As an aside, it's funny how quickly Obama has gone from a novelty (first black president, exciting!) to just a very weak, unprincipled leader, and who weakens himself even more with every backroom deal with wall street, every promotion of Bush-era hawks, every prosecution of reporters under the Espionage Act, and every defense of mass surveillance of Americans. My sense is that he is under the full sway of his advisors and underlings, and he lacks the cajones to think for himself and stand up to them when they argue for practicality over principle. Clearly our political system needs to do a better job of selecting strong, intelligent, moral leaders, rather than just well-spoken ones. (An interesting problem in itself, and one which I think is only partly addressed by campaign finance reform.)
But the other lesson from this is that our system of checks and balances is not working. This suit is an attempt to use the judicial to check the executive. A laudable attempt to work within the system. But as you mention, the executive is not shy about playing their trump card - keeping secrets vital to national security - rendering a judicial check impossible. Meanwhile, Congress is still in very poor shape, with Tea Party morons so fixated on taxation that they ignore everything else. (Although I must admit, that in times like these "starve the beast" does seem mighty appealing. What the hell are we doing giving Obama $1T a year to play with, given his lack of judgement and scruples? Indeed, what man or woman exists that can be trusted with that kind of power, especially given the glaring weaknesses in our system of checks and balances?)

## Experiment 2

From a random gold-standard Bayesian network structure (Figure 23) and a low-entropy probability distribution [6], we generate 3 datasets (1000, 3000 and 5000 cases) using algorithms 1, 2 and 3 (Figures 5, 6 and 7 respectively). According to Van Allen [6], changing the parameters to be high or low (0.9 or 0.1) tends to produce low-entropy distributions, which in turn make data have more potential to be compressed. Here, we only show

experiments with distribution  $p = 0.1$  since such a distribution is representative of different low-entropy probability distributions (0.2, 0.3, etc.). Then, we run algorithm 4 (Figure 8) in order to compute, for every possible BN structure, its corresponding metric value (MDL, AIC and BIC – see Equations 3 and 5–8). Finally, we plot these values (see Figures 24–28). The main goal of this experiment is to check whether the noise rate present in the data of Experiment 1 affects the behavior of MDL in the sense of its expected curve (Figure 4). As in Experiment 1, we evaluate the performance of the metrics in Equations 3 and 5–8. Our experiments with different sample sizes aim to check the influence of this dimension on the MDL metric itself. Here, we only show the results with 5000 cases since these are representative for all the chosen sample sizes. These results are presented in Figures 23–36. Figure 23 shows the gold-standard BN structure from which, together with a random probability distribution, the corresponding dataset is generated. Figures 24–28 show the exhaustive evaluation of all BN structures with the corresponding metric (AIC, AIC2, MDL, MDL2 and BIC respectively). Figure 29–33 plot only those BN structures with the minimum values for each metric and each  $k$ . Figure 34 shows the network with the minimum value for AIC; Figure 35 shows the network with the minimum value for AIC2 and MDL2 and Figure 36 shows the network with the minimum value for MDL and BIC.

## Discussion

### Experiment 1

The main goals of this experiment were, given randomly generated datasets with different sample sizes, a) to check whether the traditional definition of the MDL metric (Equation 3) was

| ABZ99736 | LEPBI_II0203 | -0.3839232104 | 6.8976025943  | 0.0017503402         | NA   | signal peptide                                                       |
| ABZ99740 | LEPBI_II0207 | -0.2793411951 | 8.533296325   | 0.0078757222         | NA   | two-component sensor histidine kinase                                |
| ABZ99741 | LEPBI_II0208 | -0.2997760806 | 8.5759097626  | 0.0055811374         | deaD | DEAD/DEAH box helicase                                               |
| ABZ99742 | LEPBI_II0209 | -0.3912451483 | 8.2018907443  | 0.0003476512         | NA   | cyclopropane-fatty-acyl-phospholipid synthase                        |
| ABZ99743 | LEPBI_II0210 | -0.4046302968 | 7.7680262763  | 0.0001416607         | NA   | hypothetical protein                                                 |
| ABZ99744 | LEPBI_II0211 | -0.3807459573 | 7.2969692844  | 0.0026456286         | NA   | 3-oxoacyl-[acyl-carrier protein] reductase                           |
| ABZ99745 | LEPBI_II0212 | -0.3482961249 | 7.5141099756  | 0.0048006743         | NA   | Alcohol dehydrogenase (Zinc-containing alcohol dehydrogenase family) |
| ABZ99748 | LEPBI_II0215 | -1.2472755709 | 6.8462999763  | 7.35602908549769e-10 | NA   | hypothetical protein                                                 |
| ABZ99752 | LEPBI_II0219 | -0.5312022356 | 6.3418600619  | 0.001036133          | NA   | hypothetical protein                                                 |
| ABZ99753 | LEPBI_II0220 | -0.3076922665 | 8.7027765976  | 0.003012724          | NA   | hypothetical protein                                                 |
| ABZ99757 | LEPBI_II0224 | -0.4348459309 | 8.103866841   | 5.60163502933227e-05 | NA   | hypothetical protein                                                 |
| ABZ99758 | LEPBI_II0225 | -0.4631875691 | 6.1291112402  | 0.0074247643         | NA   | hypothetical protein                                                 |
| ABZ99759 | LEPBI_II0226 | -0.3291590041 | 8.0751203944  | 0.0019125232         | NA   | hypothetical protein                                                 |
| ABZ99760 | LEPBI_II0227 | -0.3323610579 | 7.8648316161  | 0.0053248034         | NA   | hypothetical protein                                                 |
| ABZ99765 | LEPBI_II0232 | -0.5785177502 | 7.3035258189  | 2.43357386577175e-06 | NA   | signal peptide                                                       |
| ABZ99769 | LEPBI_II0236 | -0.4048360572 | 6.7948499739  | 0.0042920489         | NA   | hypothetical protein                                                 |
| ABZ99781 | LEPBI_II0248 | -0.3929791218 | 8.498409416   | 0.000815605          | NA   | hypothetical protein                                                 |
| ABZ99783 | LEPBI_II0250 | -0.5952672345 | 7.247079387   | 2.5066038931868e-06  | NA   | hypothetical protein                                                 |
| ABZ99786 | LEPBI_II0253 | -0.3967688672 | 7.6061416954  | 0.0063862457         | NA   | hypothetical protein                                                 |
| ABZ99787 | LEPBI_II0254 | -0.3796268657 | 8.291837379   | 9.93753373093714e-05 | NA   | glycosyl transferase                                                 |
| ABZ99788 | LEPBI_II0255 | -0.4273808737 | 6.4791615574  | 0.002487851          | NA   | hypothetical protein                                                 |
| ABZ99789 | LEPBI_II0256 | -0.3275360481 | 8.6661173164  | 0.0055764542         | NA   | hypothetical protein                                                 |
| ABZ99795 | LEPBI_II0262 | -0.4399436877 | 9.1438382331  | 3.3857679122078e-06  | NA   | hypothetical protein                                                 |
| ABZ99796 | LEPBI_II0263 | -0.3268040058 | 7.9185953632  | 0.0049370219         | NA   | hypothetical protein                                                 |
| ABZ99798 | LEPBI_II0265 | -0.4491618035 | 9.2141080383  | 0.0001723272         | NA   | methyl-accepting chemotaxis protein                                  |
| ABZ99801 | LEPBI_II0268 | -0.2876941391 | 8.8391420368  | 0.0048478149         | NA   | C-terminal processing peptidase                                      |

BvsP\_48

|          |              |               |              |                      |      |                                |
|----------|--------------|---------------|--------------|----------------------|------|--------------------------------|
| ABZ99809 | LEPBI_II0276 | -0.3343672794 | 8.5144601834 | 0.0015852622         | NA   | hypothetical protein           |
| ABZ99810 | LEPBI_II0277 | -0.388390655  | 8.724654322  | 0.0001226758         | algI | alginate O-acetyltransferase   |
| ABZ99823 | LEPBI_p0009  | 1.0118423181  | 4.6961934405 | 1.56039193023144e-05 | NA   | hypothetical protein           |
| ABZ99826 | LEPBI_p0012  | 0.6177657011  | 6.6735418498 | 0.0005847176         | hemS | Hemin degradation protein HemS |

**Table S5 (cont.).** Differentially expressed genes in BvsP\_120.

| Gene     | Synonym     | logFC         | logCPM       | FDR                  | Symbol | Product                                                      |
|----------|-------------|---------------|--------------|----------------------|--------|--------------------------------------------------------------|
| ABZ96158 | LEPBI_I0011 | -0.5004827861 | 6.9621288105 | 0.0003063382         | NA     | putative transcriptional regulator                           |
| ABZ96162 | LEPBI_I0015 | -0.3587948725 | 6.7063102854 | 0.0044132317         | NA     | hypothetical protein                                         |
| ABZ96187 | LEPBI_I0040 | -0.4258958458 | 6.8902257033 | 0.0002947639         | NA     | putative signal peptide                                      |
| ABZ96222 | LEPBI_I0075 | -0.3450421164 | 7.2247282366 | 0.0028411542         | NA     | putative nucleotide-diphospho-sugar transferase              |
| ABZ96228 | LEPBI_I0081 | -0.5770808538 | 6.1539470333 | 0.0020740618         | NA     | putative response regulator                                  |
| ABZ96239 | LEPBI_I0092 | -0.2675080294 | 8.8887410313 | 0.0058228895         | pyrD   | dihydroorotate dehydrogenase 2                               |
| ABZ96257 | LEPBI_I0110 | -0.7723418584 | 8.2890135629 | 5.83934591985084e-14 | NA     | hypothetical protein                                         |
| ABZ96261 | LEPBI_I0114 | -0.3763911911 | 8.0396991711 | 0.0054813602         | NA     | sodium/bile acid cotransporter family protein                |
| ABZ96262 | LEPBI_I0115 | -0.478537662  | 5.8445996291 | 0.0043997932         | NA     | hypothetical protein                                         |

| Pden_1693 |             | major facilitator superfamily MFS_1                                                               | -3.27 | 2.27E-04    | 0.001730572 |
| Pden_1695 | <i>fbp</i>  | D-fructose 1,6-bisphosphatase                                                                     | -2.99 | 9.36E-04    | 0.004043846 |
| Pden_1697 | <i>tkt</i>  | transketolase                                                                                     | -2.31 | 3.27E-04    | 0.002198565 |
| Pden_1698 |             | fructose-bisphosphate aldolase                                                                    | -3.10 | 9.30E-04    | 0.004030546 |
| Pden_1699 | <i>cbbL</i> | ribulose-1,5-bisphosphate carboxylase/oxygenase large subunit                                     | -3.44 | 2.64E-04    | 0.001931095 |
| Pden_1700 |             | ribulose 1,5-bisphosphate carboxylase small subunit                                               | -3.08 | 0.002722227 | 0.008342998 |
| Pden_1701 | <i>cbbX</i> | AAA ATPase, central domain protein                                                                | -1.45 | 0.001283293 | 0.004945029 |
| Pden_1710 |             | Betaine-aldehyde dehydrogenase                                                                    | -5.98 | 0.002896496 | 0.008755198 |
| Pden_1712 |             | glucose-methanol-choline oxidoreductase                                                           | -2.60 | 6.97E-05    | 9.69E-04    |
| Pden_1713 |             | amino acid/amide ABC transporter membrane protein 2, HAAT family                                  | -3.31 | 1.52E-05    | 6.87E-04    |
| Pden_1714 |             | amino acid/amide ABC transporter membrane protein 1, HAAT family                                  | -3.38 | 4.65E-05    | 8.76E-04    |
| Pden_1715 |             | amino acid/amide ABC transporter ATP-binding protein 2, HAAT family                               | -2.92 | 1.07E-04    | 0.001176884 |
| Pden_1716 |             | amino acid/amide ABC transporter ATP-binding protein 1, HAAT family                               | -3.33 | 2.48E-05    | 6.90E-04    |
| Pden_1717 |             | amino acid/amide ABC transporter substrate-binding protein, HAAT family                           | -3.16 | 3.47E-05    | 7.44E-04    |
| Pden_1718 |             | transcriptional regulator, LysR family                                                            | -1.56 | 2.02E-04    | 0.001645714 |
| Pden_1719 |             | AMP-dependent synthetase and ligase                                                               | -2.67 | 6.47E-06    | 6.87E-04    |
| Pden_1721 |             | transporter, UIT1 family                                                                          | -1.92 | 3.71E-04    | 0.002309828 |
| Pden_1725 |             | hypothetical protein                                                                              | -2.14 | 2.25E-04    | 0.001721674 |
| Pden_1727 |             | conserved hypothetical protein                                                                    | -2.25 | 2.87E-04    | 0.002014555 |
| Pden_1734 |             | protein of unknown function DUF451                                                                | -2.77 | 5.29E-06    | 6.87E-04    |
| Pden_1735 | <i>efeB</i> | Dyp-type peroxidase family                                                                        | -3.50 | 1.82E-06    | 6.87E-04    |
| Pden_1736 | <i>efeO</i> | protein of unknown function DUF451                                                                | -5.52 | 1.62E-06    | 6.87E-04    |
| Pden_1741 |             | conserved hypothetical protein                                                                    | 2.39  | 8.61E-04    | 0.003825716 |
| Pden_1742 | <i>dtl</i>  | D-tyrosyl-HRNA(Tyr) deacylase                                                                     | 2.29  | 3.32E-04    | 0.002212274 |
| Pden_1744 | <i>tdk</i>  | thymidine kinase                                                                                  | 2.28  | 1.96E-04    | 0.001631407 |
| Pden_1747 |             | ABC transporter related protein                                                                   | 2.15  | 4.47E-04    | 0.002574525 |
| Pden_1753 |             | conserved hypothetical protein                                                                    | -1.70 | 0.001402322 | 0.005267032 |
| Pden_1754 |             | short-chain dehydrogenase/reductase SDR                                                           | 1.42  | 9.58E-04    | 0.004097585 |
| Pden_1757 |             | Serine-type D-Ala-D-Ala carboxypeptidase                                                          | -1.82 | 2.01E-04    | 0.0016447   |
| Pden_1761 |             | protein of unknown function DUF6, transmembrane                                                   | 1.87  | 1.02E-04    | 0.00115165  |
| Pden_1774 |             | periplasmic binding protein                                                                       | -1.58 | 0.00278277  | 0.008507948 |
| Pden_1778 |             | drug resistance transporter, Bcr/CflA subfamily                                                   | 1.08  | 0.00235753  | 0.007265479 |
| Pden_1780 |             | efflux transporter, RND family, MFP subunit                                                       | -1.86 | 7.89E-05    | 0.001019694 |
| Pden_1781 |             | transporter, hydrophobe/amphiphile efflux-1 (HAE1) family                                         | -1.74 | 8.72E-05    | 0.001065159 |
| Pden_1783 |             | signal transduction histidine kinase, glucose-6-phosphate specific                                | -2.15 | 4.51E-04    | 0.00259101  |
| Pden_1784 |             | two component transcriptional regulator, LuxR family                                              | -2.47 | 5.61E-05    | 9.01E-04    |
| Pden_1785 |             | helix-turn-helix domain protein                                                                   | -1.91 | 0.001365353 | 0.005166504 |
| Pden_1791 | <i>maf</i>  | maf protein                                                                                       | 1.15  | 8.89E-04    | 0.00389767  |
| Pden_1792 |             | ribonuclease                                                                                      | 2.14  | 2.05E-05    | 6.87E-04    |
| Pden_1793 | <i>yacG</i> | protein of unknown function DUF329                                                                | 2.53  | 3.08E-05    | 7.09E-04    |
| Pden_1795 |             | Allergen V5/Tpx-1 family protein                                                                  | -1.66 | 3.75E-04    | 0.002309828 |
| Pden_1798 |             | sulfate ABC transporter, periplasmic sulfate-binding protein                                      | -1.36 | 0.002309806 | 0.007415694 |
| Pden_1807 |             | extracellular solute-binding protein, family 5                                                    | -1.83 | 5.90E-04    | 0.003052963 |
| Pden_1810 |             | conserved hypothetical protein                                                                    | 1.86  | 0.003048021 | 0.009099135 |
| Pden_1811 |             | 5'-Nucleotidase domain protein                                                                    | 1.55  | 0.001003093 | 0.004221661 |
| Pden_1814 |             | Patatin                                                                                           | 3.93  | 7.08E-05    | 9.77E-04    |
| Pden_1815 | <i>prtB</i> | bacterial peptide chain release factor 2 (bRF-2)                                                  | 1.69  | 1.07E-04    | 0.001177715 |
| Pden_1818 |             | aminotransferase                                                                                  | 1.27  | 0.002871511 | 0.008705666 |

We've seen some egregious, shameless use of structural weaknesses in our system, hacks that previous generations of senators and presidents have been deeply reluctant to use - apparently well aware of the cost of using them. Executive use of "national security" to quash judicial check is one; indiscriminate and constant use of filibuster to intentionally stop congress from functioning at all, even on routine matters.
Fundamentally, political systems are designed to allow people with conflicting views to live in peace together, and to cooperate for mutual benefit. Without these systems, we devolve into tribes, mainly on ethnic and racial grounds, fighting for dominance over each other. We went from democracy at the city-state level, back to absolute monarchy, and now we're trying democracy at the national level.
But remember this is all new ground; the US is only 238 years old. In essence, the US is a startup, and it might fail, and it could fail catastrophically or just kind of fizzle out. (I hope doesn't, though, because I really love the idea of Star Fleet being HQ'd in San Francisco).
Yes... I repeated your comment verbatem to demonstrate that the same could be said of your attitude.
What about my attitude is leading to the same?